The way we watch, listen, read or generally utilise our media has evolved drastically over time. Back in the day we used to listen to music on formats such as CD’s, cassettes and vinyl but now for the most part the world all about streaming or downloading. We used to have to watch films via VHS tapes and at the end we needed to rewind them, but now everything is in 4KHD via Blu Ray or, aforementioned just like the audio, via streams or downloads. Video games have begun to move in this direction.
Gone is the cartridge-based gaming, which is now in the shadows of the more advanced disc-based media. Consoles like the Nintendo Switch, 3DS and Evercade still use such a style of physical media however. But amongst all this physicality digital downloading is also more prevalent than ever.
Unlike films and music, older video gaming re-releases on different formats are rarer. You may see a combined collection of old games from the Mega Drive generation on a special release for modern consoles, or some classics on a virtual library, but for the most part the only way to play these old classics are via the original hardware or illegally sourced ROMs. Because of misplacement and neglect of these original games over time some become so rare to find that they go for hefty prices online. If you see a battered old VHS or DVD of a classic film, the need to buy it isn’t prevalent, because usually the HD remastered cut is available to buy in the retailers next door , sometimes for the umpteenth time.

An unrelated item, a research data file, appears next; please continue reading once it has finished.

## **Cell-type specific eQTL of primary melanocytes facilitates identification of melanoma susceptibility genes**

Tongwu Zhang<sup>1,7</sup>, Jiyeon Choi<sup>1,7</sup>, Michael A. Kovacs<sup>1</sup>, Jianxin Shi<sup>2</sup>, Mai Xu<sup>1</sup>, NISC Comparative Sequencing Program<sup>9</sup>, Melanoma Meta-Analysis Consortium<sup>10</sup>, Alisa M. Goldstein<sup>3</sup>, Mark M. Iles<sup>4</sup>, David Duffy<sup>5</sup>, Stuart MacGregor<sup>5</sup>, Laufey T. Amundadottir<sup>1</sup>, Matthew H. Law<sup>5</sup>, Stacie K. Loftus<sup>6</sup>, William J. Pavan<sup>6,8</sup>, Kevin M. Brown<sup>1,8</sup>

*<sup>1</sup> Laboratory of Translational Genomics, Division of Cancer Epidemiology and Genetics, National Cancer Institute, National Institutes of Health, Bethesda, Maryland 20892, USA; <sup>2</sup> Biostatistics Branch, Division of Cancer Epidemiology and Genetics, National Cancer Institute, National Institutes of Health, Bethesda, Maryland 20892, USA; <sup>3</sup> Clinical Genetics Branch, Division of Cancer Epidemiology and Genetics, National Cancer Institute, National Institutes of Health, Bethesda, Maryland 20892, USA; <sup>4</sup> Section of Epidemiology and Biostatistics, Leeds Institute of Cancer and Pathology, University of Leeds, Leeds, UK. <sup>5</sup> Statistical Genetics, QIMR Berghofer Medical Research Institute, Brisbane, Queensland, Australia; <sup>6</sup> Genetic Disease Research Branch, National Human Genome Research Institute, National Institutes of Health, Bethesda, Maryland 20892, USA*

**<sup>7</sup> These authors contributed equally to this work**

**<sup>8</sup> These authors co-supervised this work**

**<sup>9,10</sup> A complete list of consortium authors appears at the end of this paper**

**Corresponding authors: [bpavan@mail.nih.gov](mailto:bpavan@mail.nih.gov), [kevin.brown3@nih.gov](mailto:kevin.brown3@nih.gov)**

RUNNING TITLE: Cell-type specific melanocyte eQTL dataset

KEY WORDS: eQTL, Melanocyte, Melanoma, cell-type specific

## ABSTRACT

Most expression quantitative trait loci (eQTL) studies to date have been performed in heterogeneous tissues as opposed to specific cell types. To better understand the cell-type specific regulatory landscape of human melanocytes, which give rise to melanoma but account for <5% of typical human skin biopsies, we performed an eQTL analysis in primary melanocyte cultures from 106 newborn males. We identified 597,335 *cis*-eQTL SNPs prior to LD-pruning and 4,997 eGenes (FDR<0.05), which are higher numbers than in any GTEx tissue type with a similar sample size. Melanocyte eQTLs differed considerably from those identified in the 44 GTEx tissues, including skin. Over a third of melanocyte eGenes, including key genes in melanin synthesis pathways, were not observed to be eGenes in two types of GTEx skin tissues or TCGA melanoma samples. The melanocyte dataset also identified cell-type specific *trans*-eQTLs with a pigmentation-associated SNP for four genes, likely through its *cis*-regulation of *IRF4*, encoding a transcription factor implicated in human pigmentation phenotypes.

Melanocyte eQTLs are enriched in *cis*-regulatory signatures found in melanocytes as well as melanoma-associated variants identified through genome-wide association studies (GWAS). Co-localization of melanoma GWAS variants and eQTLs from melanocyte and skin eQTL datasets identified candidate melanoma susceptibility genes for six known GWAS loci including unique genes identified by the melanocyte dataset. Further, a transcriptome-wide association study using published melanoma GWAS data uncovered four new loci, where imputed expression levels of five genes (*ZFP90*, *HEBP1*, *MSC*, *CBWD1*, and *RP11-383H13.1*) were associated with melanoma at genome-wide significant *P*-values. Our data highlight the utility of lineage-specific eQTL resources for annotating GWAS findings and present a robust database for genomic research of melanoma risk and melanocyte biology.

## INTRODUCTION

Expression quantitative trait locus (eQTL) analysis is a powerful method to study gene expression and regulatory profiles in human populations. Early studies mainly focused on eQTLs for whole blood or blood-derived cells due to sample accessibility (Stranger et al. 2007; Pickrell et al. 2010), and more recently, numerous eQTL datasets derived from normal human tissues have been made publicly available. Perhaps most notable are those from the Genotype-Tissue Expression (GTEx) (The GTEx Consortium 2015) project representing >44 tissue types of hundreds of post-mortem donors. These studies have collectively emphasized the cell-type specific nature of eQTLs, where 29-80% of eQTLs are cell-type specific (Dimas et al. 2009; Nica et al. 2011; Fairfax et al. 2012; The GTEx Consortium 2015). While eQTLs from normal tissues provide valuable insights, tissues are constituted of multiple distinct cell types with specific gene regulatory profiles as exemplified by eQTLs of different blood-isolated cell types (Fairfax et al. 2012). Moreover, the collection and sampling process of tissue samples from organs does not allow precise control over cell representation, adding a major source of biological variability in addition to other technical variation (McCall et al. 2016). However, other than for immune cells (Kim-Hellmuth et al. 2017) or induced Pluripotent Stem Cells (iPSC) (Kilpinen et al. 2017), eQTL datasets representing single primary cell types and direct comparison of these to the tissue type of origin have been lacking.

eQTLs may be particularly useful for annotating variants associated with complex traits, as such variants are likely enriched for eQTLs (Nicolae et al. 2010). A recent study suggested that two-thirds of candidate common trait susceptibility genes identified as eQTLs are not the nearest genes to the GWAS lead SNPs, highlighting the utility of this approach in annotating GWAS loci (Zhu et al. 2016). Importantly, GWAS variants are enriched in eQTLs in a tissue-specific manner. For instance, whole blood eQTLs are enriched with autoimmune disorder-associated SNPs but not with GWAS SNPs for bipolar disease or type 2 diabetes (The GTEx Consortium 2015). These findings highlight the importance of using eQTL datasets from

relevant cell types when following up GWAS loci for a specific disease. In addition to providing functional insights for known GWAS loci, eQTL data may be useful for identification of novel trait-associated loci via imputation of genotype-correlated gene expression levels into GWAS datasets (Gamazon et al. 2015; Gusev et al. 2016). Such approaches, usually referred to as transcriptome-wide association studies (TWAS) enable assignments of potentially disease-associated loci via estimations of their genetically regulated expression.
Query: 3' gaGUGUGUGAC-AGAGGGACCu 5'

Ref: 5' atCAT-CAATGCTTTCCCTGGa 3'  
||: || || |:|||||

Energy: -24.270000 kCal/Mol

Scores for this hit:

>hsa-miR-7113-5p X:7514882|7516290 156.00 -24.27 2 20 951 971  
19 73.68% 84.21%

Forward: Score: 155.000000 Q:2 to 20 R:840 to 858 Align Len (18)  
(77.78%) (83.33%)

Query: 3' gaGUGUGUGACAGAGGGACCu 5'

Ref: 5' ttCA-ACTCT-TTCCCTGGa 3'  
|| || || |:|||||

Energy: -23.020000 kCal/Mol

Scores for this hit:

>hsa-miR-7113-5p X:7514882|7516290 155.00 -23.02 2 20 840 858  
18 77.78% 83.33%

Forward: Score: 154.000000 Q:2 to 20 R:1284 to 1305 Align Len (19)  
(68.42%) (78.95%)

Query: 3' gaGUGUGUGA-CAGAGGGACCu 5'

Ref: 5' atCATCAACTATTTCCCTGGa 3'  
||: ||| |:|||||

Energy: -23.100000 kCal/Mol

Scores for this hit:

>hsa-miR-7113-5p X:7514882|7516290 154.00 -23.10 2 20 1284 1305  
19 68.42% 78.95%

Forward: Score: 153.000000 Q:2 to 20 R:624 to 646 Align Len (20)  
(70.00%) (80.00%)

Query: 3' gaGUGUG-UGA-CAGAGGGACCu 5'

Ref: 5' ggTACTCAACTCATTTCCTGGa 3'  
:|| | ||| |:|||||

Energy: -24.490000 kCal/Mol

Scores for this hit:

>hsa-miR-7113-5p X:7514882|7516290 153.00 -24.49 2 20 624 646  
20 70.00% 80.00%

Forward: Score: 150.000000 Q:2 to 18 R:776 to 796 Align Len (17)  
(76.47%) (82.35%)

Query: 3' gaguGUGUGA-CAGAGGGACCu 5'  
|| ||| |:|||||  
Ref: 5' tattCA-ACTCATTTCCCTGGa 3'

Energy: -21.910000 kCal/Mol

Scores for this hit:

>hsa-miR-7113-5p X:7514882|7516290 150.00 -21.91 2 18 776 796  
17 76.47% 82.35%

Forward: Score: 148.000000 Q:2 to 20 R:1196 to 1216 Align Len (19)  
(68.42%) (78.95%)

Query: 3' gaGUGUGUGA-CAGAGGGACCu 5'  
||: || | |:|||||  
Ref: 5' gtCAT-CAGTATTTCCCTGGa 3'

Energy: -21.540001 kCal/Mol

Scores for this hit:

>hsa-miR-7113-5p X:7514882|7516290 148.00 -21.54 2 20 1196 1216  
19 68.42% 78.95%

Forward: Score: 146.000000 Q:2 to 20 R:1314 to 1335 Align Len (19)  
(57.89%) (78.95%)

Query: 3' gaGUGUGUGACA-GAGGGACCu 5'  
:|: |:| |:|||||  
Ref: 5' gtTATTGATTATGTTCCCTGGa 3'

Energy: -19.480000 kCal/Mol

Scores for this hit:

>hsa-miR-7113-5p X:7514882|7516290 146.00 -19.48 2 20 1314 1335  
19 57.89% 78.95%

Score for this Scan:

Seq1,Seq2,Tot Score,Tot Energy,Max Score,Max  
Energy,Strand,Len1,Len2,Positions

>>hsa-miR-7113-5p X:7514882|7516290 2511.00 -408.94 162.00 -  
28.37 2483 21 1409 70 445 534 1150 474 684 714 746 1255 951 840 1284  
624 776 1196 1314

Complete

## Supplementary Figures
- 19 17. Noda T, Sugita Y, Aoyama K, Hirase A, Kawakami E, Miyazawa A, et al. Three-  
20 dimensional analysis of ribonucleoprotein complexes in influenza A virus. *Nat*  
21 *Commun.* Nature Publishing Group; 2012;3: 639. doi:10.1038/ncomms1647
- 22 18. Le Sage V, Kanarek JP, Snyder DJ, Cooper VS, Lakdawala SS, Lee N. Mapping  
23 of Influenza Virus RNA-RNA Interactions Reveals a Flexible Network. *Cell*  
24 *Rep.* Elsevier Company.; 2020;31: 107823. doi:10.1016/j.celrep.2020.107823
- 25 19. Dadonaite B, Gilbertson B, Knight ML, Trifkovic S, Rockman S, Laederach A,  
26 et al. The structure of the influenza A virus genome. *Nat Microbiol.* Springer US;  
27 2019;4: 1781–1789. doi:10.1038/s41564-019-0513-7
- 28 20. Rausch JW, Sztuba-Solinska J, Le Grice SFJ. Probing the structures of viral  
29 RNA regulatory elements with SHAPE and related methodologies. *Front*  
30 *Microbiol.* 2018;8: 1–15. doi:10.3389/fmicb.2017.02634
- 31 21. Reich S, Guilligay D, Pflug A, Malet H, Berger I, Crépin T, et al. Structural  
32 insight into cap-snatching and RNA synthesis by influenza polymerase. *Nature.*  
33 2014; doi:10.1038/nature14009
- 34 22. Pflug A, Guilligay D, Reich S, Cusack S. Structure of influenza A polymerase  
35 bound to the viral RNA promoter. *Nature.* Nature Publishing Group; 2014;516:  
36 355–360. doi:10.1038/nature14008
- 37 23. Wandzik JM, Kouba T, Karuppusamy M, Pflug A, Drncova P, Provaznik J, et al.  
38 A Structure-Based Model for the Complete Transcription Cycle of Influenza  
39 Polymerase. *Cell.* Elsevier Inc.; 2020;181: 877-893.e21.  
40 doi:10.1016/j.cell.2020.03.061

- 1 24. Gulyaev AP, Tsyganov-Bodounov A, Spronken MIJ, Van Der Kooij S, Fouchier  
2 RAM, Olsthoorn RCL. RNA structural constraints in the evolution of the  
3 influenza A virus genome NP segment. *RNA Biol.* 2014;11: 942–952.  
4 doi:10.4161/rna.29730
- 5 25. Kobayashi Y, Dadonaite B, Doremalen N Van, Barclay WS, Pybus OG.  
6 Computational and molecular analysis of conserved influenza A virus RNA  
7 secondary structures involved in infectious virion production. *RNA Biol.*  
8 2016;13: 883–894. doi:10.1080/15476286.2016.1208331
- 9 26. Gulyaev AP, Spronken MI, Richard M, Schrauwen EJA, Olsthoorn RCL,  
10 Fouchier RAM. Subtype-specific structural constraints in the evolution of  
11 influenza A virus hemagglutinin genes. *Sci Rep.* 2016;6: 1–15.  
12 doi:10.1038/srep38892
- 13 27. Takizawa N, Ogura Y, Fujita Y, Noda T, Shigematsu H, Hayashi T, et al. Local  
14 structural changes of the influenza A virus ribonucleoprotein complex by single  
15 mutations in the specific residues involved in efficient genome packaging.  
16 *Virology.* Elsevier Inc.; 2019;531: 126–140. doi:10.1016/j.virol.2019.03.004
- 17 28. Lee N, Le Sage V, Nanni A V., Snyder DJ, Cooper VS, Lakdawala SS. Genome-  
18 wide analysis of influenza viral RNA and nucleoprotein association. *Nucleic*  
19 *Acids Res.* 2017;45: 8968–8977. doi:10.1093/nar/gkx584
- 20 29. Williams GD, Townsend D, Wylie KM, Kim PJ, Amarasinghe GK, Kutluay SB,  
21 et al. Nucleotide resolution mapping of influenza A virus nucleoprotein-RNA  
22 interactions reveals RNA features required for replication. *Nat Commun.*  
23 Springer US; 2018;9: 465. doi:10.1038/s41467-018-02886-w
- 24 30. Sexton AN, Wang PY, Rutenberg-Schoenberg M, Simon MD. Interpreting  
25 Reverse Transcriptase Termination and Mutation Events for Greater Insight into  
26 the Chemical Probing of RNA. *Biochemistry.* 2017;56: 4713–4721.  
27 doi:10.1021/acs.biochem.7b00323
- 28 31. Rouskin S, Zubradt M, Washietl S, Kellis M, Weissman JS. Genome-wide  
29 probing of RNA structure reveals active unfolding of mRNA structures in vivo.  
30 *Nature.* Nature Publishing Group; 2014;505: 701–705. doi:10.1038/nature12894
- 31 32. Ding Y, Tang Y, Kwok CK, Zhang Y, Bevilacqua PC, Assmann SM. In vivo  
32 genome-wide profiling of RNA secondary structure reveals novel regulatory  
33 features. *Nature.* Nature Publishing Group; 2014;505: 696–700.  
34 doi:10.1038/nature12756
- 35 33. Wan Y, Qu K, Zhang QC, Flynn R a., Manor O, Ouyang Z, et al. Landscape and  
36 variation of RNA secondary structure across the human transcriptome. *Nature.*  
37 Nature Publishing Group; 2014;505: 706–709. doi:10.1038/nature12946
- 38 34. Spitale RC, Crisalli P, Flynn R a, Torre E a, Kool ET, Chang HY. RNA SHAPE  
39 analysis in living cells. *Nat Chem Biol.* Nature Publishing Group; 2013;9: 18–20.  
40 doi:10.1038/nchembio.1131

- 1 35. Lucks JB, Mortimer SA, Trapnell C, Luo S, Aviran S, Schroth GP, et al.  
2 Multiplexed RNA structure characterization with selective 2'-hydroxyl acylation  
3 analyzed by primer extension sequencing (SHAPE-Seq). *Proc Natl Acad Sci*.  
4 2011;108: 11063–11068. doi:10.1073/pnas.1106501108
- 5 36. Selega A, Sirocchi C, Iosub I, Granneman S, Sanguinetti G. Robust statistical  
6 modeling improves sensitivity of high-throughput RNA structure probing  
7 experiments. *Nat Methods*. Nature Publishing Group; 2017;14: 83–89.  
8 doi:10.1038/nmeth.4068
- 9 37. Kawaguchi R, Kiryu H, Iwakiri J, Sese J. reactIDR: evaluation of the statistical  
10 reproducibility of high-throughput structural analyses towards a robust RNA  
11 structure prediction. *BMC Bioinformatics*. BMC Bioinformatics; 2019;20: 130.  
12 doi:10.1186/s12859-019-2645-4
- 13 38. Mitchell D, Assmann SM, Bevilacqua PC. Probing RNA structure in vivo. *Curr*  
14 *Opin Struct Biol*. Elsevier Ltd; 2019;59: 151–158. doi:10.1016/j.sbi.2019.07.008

I know there are occurrences that of rare records, VHS tapes and even DVD’s that don’t get modern day releases as well, based on legal issues with copyright, offensive modern standards and lack of interest, so much so that there are collectors out there of those items too. However, the ratio between those formats and video games is definitely not one of equal standing. Games are very much within that standard of rarity due to past over saturation, the loss of copyright (with games known as “abandonware”), incompatibilities with modern hardware architecture and operating systems, the changing of hands of development studios as well as the reception of games that are decades old with more modern gamers. So it is imperative that we are careful with their preservation.
I cannot tell you how angry I personally get when I purchase or identify a second hand video game from the pre-owned section of a shop and the condition of the item is baffling. The case could be ripped so the paper cover insert isn’t held in place, there could be stains from which you hope is food. The discs could have fingerprints, smudges, huge scratches and cracks around the “emergency eject hole”.
The question I always ask is “how can you make something look this bad?” Some items are almost abused in their pained looks.
Ashtrays and tea coasters